The war on cholesterol: promoting public health or drug company marketing strategy?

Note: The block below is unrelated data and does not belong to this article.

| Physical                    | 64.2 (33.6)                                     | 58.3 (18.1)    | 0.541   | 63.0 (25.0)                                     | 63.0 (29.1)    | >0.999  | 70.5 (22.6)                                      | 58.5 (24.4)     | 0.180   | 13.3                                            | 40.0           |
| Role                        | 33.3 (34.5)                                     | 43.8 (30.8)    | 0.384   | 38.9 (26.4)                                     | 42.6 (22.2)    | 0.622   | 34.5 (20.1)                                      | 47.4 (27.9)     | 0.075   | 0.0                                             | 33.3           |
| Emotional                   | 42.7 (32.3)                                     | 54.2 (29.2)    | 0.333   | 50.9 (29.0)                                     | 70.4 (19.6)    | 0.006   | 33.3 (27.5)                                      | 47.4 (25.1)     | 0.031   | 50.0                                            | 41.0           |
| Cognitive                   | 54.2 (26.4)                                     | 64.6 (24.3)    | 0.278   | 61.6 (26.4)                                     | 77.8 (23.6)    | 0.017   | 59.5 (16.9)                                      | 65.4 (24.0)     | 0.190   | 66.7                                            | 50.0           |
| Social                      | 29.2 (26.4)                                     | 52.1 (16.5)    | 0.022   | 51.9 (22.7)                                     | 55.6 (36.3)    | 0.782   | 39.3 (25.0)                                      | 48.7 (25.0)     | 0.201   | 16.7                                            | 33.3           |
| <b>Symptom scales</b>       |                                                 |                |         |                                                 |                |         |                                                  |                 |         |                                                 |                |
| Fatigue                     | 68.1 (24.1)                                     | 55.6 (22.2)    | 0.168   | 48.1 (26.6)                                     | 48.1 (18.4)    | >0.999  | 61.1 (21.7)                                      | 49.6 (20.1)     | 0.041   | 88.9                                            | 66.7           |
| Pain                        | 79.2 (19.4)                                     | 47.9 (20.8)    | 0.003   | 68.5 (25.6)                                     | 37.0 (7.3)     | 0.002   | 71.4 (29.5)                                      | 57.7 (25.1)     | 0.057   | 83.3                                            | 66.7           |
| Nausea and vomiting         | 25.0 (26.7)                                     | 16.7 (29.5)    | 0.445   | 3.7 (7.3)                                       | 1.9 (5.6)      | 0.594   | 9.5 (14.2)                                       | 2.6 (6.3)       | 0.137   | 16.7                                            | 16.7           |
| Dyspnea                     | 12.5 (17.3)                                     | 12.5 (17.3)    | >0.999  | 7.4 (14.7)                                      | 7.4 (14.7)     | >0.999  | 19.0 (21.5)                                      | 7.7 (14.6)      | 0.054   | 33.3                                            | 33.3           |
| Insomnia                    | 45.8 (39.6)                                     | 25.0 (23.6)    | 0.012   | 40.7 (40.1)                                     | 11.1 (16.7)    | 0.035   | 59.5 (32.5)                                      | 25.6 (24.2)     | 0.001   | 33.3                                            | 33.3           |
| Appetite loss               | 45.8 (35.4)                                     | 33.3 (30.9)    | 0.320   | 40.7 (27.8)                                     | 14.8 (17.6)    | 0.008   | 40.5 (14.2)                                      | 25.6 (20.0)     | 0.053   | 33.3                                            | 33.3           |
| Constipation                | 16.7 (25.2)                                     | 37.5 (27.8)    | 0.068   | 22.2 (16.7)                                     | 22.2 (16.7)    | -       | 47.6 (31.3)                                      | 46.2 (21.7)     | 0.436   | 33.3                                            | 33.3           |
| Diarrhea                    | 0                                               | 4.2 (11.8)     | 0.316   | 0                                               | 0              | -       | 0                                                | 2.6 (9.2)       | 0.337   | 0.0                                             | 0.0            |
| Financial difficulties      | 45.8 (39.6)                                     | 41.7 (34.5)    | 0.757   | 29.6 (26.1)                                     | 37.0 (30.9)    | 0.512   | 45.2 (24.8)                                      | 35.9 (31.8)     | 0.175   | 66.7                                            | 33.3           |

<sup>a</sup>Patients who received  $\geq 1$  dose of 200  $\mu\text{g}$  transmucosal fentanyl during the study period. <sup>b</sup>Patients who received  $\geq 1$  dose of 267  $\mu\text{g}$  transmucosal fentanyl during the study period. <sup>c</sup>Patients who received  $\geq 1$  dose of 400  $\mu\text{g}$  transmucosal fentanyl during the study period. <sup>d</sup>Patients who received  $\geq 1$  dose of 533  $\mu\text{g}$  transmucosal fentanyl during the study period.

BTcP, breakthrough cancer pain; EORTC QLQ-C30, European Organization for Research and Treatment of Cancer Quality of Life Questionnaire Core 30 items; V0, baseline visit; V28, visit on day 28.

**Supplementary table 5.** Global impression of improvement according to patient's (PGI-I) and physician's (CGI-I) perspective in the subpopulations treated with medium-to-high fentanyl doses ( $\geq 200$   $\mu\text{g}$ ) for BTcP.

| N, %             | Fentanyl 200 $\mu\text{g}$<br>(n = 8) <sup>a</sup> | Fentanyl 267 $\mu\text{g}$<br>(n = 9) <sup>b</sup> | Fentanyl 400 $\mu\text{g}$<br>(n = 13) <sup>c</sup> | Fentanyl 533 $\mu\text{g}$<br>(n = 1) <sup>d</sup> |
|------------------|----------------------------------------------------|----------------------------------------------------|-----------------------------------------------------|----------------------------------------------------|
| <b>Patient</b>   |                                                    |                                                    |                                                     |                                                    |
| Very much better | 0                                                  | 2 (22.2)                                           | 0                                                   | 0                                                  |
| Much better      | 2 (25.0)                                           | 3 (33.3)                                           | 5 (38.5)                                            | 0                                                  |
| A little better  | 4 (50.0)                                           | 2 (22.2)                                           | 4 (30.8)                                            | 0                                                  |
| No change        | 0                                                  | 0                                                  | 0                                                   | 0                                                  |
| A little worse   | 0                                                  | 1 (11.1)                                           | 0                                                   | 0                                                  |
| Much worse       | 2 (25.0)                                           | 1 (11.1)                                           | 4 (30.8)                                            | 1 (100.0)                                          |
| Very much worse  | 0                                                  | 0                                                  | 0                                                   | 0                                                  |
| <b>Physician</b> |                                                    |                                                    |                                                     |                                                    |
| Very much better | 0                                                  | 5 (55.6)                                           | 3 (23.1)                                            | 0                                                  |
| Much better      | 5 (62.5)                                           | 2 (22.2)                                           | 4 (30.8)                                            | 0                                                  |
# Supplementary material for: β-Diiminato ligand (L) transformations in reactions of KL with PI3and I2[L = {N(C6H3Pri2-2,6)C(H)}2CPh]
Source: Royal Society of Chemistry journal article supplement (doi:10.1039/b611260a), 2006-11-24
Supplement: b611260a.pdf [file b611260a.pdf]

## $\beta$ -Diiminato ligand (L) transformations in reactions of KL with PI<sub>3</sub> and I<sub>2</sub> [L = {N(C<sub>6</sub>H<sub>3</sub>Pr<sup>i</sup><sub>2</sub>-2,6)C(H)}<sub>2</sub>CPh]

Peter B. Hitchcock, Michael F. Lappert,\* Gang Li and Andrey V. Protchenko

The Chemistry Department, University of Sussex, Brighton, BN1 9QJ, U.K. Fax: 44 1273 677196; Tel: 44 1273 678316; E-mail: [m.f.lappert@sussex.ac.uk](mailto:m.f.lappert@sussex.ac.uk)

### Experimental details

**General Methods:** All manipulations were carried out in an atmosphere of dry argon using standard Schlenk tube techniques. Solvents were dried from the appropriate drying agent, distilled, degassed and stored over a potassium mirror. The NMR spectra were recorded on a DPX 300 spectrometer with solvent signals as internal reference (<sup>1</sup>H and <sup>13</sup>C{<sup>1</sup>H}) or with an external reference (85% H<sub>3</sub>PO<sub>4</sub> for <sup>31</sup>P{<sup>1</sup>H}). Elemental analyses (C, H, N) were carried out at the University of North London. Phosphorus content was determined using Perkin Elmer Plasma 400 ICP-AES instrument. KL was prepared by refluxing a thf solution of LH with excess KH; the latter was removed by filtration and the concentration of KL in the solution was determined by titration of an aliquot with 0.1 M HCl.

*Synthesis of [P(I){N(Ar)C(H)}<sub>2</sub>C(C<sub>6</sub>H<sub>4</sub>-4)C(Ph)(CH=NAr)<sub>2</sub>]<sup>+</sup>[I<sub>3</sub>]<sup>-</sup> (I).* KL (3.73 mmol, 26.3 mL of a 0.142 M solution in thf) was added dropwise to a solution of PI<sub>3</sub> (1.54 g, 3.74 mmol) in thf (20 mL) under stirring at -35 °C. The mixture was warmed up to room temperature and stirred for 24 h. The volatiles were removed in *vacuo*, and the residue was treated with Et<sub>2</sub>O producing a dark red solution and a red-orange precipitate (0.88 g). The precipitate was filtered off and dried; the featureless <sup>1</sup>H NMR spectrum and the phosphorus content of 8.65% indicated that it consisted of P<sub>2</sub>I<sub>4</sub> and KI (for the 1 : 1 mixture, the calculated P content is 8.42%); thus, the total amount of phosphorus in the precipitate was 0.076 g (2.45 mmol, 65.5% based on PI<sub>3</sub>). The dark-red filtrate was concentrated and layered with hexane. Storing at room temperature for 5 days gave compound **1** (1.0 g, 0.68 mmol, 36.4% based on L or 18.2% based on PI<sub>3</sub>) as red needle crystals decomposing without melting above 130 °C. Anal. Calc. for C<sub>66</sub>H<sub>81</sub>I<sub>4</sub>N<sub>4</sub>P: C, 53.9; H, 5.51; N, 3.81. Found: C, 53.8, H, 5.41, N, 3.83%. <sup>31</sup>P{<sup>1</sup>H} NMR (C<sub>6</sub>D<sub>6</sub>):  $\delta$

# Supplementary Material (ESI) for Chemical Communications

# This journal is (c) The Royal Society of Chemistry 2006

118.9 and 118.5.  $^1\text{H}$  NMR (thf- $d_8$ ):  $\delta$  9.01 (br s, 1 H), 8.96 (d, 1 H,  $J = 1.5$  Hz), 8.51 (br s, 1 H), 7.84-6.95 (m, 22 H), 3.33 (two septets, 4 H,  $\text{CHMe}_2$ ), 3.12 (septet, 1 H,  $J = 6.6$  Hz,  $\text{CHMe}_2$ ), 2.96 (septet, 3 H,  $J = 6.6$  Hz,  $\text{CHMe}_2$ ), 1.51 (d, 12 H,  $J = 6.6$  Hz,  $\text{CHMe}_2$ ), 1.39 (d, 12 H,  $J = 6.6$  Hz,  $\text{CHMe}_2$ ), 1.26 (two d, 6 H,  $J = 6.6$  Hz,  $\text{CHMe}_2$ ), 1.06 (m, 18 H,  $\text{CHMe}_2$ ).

If you keep up with the news, you may have read or heard about the newly publicized “war on cholesterol”. It was announced that, in a shift in policy, the National Institutes of Health (NIH) is recommending that cholesterol-lowering drugs be prescribed more aggressively to individuals with a history or other risk factors for heart disease, even if they do not have particularly elevated cholesterol levels. This could potentially triple the number of adults in this country taking cholesterol-lowering drugs. But is this new policy based on science alone, or on drug companies’ skillful marketing and vast profit potential? Interestingly, this announcement did not follow any new breakthrough studies showing that cholesterol is the ultimate cause of heart disease. In an interesting op/ed article published in the May 23, 2001 edition of the Houston Chronicle and other leading newspapers, Robert Atkins, MD pointed out that the new policy fails to address serious side effects of these drugs, including potentially severe liver damage and increased risk of cancer. In addition, these prescriptions have a high financial cost to individuals and/or insurers. The NIH also disregards a mounting body of evidence indicating that, through a controlled-carbohydrate diet, exercise and dietary supplements, cholesterol and other risk factors for heart disease can be effectively corrected. Dr. Atkins is a board-certified cardiologist and the author of several books on the benefits of a low-carbohydrate diet. Numerous studies spanning a decade or more point to a complex set of causes that lead to heart disease, rather than implicating cholesterol alone. Some of these causes are strongly linked to lifestyle, diet and nutrient deficiencies. They include chronic inflammation, elevated insulin levels in the blood, pro-oxidants and so-called free radicals, as well as low testosterone in men and low estrogen in women1. Elevated blood levels of a chemical called homocysteine have also been shown conclusively to be associated with a higher risk of heart disease even in the absence of elevated cholesterol2. Homocysteine buildup in the blood is caused by a deficiency of certain B vitamins.

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